While in strategy mode, the player will periodically be tasked with destroying a source of the spawning monsters. Unlike the intro and ending stages to each map, which are usually proper—if uninspired—levels, the challenges that take place in action mode for the monster lairs are brief, and usually consist of a few waves of enemies in a small area. And since the battle engine is so littered with monsters appearing from every direction there’s really little to do aside from take a lot of damage and swing at everything until there’s nothing left. It gets even worse when off-screen traps start firing projectiles. The camera allows Helios to get far too close to the edge of the screen before scrolling, so it’s very easy to get hit by something that was invisible a fraction of a second earlier. When all is said and done, the combat in SolSeraph is less fun than the nearly 30-year old game that inspired it. The worst part is, after clearing one of these stages, it doesn’t even stop the monsters from spawning in strategy mode! You do get a permanent upgrade to health or magic, but that’s it. I guess it makes sense that the developers wanted to keep the tower defense somewhat challenging, but it doesn’t really reward the player in a meaningful way aside from getting them one step closer to the end of the stage.
So the action stages aren’t fun and the strategy and city building has been replaced by basic tower defense. What’s left? What is there to motivate the player to keep playing after the first couple of maps? In Actraiser, the people were relatable and humble. They provided offerings and prayers that strengthened God’s avatar and angel. Though their stories were simple, they still managed to resonate, and it was fun to help them grow their villages and cities to be as prosperous and populated as possible. In SolSeraph, once all of the monster lairs have been destroyed, the player can take on the last stage of the map and face the Younger God within. A straightforward stage and boss fight later there is no reason to ever return to that particular map. The monsters stop spawning, and that’s that.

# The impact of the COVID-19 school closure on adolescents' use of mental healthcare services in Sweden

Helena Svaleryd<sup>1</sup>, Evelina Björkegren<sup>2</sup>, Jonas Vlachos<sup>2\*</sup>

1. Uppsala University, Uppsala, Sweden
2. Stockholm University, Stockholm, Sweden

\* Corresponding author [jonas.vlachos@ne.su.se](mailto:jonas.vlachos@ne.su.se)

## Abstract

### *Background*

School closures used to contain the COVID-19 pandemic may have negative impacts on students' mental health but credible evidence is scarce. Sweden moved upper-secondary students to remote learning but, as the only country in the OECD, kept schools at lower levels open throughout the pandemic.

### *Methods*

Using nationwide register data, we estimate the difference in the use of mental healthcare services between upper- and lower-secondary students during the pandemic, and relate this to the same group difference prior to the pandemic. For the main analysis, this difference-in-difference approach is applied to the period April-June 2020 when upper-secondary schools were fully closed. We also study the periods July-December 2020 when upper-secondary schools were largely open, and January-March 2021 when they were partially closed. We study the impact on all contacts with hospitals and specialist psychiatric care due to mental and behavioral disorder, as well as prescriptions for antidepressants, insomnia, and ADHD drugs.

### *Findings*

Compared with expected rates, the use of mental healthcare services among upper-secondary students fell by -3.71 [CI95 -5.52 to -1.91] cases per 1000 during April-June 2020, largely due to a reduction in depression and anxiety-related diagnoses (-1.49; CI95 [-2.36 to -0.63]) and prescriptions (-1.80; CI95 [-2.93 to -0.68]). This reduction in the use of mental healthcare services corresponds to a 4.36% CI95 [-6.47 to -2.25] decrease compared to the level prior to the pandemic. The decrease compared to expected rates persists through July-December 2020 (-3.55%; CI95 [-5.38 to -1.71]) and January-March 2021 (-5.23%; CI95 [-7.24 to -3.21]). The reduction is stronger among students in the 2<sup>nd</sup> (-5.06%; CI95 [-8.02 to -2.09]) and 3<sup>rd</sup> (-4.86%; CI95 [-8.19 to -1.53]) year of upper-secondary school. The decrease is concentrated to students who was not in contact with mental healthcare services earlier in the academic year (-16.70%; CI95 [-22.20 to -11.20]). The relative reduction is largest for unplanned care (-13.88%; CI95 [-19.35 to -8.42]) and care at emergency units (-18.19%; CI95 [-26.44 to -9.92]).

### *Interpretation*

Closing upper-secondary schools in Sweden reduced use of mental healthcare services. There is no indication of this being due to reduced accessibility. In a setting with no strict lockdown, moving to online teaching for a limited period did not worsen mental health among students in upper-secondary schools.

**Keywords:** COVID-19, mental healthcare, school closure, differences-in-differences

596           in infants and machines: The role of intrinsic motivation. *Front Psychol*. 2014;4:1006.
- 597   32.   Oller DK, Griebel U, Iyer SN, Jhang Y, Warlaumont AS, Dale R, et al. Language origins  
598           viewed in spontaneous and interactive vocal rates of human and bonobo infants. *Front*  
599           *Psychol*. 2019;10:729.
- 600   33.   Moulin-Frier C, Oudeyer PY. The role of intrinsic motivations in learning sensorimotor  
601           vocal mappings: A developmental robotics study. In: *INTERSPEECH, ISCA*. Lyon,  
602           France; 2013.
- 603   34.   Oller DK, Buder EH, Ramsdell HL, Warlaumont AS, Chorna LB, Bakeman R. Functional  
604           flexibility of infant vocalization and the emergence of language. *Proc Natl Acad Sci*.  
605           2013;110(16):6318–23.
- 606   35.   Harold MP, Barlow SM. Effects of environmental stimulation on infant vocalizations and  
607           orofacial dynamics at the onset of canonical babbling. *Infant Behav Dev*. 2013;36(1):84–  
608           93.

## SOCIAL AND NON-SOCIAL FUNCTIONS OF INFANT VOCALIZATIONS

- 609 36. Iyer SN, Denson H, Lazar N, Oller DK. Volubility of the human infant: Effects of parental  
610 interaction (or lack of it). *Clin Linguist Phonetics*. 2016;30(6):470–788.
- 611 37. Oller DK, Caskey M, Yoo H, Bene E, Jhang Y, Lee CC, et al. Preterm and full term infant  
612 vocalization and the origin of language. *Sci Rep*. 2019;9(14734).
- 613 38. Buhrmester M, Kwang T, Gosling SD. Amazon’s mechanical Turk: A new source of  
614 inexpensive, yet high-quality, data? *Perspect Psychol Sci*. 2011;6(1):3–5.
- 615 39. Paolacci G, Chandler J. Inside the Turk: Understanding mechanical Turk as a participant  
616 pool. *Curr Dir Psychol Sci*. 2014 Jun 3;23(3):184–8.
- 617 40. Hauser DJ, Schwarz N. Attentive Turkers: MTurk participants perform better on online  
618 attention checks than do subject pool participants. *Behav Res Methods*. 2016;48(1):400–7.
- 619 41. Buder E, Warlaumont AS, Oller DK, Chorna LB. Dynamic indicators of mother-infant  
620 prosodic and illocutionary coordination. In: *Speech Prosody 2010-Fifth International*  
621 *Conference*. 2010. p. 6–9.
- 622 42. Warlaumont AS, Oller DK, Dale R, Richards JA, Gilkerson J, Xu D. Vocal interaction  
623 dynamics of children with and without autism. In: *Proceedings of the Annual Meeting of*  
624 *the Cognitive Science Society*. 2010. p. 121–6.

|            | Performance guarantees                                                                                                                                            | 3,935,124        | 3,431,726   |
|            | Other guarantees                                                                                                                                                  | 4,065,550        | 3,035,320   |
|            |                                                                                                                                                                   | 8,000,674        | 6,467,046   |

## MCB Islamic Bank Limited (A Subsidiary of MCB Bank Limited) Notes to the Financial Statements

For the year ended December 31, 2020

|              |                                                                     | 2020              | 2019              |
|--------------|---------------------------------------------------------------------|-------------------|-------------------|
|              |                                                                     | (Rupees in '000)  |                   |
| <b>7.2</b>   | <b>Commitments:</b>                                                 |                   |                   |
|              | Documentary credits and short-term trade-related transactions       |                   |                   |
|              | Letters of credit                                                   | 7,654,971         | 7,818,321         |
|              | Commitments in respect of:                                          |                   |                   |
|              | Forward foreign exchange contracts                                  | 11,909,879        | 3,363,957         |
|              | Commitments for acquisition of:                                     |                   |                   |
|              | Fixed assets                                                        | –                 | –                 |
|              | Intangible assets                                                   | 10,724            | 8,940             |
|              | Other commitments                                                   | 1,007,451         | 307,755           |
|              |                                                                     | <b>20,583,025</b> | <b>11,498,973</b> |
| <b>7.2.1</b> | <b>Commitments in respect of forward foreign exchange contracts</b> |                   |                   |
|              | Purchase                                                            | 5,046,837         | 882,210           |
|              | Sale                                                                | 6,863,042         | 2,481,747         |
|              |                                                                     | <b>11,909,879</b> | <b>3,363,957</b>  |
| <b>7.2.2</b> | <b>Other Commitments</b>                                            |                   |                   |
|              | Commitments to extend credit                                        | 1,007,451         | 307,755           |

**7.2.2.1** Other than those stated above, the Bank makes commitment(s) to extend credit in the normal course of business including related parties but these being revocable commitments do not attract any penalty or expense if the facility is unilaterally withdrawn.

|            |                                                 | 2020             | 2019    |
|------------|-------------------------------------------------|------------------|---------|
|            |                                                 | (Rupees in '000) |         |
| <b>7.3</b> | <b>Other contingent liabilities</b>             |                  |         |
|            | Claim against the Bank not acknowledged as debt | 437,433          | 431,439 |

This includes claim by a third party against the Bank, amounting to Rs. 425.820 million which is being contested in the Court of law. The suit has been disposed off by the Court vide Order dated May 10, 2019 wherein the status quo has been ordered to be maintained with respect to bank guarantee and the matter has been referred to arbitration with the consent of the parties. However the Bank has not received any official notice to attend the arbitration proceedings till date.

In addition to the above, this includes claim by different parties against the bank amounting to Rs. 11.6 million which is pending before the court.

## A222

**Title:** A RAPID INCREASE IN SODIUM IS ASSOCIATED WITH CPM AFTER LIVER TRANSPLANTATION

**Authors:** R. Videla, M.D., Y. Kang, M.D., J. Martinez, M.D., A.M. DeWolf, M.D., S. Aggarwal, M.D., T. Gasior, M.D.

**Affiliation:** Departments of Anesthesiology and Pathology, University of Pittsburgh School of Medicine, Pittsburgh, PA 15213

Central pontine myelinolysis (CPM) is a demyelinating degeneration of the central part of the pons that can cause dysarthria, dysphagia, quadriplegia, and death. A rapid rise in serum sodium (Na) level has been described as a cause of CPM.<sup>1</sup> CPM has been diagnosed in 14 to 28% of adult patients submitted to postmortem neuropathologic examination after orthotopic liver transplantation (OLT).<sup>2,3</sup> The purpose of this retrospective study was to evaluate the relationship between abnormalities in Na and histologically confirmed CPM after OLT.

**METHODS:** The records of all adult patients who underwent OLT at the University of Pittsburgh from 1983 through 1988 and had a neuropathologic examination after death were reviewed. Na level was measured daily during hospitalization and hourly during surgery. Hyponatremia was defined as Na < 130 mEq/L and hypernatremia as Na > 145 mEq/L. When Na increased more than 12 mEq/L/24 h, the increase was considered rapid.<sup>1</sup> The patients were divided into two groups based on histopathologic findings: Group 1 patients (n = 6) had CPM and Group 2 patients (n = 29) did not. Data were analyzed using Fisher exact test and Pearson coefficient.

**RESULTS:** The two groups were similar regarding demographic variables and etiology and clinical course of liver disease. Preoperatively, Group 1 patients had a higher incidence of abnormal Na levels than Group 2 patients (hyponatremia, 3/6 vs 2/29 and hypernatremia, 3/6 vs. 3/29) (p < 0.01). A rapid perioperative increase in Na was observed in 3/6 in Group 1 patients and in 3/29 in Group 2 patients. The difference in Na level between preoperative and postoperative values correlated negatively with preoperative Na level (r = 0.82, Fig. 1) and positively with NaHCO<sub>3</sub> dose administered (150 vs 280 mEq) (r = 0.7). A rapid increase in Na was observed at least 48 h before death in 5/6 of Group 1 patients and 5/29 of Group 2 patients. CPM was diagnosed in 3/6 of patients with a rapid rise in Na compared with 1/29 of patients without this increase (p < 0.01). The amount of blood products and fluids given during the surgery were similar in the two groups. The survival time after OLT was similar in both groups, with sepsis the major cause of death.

Each stage does have a brief story to tell, but these stories are written in a way that feels modern and sarcastic, with comic relief characters and light-hearted banter that doesn’t mesh well with the supposedly desperate setting. The dialogue has no meaningful consequence in either strategy or action mode. It just pops up in strategy mode to frequently interrupt the player with unimportant blathering. Ultimately the dialog falls flat.
My first impression of SolSeraph left me feeling jubilated, but after playing the game and digging deeper into its mechanics, I found that what first appeared to be a respectful homage to Actraiser quickly faded into pale imitation. Perhaps the greatest failure is that in switching to tower defense for strategy mode, the player is directly controlling everything rather than guiding the people more passively. The truth is that the overhead element of Actraiser was less strategy and more simulation, and in that respect, it complimented the relationship between the people and their God whose angel and avatar were controlled by the player. Everything meshed together harmoniously, and each mode of gameplay helped the other to feel greater than the sum of its parts. SolSeraph unfortunately missed the mark. With better level design and combat, a decent story, and a much more interesting strategy mode, it could have reached great heights, but at this point I can only recommend playing Actraiser again instead.
Ari played 4 hours of SolSeraph, but did not complete the game. He received a copy of the game for review purposes from SEGA.
+Soundtrack is decent
-Action combat is spammy and frustrating
-Strategy mode is a rudimentary tower defense
-Characters and storytelling are disappointing
-Fails to step out of Actraiser’s shadow
Available on: PC, PlayStation 4, Xbox One, Switch
Version Reviewed: PC